Poor Frodo and his afterpains on the anniversary of his Weathertop stabbing :-( I'm so glad they didn't last long. But they're such a great reminder that even after a war is over, the warriors who go home don't leave the pain and sorrows behind them. None of the heroes here seems to have PTSD exactly, but Frodo is certainly more troubled by his experiences than the others. I'm sure this section resonates with any returning soldier, and it reminds me especially of one of my favorite movies, The Best Years of Our Lives (1945).
When Frodo asks Gandalf, "Where shall I find rest?" (p. 967), Gandalf doesn't answer. I think he knows Frodo really won't find rest in the Shire, and I suspect Frodo at this point is beginning to accept that fact. And I find this so miserably unfair, that a person who gave so much of himself to save the whole world -- including the Shire -- is now unable to enjoy the fruits of his labor. Very true-to-life and all that, but still, grrrrrrrr.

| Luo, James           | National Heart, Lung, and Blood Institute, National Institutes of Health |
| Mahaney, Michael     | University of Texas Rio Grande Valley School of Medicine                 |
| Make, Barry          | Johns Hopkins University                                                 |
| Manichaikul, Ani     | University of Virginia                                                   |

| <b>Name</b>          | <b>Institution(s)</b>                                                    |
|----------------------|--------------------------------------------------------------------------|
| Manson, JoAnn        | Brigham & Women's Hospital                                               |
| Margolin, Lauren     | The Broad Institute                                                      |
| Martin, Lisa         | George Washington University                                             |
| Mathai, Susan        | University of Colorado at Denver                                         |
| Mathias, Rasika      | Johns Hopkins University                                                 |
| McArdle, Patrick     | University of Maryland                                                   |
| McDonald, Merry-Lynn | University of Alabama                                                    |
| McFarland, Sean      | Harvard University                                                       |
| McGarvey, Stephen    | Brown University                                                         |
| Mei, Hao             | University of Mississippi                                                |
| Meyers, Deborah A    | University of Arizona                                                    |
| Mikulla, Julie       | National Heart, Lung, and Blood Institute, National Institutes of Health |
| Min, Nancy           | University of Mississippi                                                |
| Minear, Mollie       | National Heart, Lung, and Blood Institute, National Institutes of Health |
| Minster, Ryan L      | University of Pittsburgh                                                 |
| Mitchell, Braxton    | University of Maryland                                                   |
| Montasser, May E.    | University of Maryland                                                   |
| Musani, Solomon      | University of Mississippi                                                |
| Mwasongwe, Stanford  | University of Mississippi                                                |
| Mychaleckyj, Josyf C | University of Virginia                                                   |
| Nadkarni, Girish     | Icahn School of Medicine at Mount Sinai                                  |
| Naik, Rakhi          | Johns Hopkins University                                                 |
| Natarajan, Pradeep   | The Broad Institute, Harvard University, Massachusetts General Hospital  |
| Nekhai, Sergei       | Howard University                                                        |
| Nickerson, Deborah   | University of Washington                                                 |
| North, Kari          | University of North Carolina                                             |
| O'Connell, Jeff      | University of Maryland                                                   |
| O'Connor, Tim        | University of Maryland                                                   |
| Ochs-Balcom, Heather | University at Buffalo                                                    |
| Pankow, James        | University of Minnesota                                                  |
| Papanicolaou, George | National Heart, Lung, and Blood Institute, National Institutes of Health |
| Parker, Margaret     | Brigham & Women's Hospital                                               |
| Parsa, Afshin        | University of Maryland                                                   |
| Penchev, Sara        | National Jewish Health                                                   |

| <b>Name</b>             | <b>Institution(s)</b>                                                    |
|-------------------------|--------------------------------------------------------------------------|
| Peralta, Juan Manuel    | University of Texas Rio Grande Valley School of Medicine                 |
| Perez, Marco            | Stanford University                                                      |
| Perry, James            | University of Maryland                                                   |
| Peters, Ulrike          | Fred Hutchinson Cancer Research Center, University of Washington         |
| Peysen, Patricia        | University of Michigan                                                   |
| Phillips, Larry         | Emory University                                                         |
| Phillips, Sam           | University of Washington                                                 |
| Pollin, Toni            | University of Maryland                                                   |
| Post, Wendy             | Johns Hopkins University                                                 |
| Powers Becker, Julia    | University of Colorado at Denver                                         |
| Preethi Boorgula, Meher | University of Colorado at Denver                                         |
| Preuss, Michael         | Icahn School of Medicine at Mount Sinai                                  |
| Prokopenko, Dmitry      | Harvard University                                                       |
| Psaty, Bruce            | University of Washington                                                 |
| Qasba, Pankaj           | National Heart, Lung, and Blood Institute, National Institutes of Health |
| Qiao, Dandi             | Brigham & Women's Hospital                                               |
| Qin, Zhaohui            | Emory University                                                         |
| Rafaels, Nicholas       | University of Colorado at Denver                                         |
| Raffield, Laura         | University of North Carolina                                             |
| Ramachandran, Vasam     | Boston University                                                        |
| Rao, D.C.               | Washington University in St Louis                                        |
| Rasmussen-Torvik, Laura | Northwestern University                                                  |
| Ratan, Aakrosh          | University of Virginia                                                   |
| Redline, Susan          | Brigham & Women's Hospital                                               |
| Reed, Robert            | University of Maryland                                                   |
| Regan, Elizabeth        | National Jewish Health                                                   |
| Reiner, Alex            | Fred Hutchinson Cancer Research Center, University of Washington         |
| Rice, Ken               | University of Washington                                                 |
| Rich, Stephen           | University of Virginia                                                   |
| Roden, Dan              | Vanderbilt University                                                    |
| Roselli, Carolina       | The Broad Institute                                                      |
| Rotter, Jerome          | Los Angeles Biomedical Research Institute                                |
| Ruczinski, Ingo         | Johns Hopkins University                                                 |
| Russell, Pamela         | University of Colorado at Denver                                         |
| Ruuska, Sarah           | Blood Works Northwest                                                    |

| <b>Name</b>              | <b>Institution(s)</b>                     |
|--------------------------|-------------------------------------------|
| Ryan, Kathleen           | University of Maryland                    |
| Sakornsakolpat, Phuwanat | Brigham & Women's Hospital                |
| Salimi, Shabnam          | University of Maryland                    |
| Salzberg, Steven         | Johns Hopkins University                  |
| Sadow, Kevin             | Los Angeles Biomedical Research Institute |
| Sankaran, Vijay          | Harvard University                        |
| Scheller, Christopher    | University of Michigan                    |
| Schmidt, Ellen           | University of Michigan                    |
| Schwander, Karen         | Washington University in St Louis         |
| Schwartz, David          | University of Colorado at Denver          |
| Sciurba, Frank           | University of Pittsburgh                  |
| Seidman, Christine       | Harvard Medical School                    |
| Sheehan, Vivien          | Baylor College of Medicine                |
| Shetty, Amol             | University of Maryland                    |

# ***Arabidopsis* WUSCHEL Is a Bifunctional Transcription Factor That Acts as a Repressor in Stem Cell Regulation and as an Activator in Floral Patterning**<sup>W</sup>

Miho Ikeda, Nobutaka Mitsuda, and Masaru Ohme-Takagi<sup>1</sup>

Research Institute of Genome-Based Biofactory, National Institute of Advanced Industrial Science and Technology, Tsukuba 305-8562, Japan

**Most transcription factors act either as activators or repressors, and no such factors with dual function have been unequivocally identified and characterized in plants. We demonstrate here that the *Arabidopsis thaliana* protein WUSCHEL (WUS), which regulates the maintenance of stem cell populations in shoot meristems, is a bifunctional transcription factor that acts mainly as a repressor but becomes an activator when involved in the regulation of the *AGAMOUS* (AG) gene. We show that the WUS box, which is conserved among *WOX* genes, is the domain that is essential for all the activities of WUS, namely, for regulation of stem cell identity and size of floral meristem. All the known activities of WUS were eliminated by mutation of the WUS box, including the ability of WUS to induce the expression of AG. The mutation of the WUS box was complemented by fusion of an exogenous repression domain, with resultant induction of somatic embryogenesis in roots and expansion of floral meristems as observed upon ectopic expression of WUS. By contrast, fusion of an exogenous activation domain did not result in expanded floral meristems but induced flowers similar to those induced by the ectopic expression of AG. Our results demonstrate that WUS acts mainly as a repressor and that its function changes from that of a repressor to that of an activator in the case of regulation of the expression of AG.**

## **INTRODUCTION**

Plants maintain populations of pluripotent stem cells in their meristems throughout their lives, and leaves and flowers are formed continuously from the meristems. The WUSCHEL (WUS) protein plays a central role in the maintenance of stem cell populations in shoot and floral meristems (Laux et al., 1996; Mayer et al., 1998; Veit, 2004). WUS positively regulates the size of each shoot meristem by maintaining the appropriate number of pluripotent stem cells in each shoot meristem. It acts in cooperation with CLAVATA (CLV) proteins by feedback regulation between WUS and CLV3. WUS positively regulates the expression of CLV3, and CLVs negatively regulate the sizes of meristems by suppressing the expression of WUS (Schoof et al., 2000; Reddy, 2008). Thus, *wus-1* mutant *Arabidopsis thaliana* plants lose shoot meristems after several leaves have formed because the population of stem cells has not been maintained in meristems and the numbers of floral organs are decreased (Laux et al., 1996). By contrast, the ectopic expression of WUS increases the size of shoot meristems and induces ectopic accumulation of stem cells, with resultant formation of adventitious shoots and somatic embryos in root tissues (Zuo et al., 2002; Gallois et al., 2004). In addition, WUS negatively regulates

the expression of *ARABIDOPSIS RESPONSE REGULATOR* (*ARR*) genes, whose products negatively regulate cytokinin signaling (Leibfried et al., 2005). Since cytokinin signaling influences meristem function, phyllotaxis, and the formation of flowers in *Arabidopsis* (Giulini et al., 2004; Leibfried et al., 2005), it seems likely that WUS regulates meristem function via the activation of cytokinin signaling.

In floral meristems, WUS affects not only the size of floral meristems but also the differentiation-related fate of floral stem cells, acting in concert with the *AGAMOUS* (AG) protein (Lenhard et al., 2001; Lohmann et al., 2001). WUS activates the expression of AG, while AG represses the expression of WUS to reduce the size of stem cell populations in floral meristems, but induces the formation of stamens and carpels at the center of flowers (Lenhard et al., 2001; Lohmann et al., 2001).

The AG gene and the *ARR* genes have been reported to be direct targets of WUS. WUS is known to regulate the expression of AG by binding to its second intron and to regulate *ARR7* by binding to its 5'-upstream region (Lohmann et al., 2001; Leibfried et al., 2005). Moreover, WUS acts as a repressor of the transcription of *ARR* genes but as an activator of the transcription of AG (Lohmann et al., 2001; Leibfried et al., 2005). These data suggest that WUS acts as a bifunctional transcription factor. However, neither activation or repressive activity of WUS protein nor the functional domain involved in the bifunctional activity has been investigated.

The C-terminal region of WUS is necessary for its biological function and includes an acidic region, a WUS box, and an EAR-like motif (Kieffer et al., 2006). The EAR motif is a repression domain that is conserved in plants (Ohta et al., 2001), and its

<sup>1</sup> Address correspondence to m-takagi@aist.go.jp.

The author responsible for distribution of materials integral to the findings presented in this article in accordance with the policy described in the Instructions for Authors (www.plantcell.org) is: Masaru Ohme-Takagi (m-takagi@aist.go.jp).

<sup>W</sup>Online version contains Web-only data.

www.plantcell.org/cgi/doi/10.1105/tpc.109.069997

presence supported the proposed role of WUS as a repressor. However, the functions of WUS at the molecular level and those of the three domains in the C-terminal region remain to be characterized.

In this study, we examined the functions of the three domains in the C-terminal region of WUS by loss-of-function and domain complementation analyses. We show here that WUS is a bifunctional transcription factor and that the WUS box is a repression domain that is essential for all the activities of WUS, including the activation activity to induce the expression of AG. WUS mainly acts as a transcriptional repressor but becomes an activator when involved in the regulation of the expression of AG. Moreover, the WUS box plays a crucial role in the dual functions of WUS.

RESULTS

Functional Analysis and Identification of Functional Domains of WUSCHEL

And we end the chapter knowing we've got one last adventure ahead before the story ends. The hobbits have been trained to be stern and hardy warriors and good leaders, and that's going to be verrrrrry useful.
...Gandalf with his white beard, and the light that seemed to gleam from him, as if his blue mantle was only a cloud over sunshine (p. 973).
Frodo says that coming home to the Shire "feels like falling asleep again," while Merry says everything they've seen and done seems like a dream (p. 974). Do you think that's because of a difference in their experiences, their personalities, or both?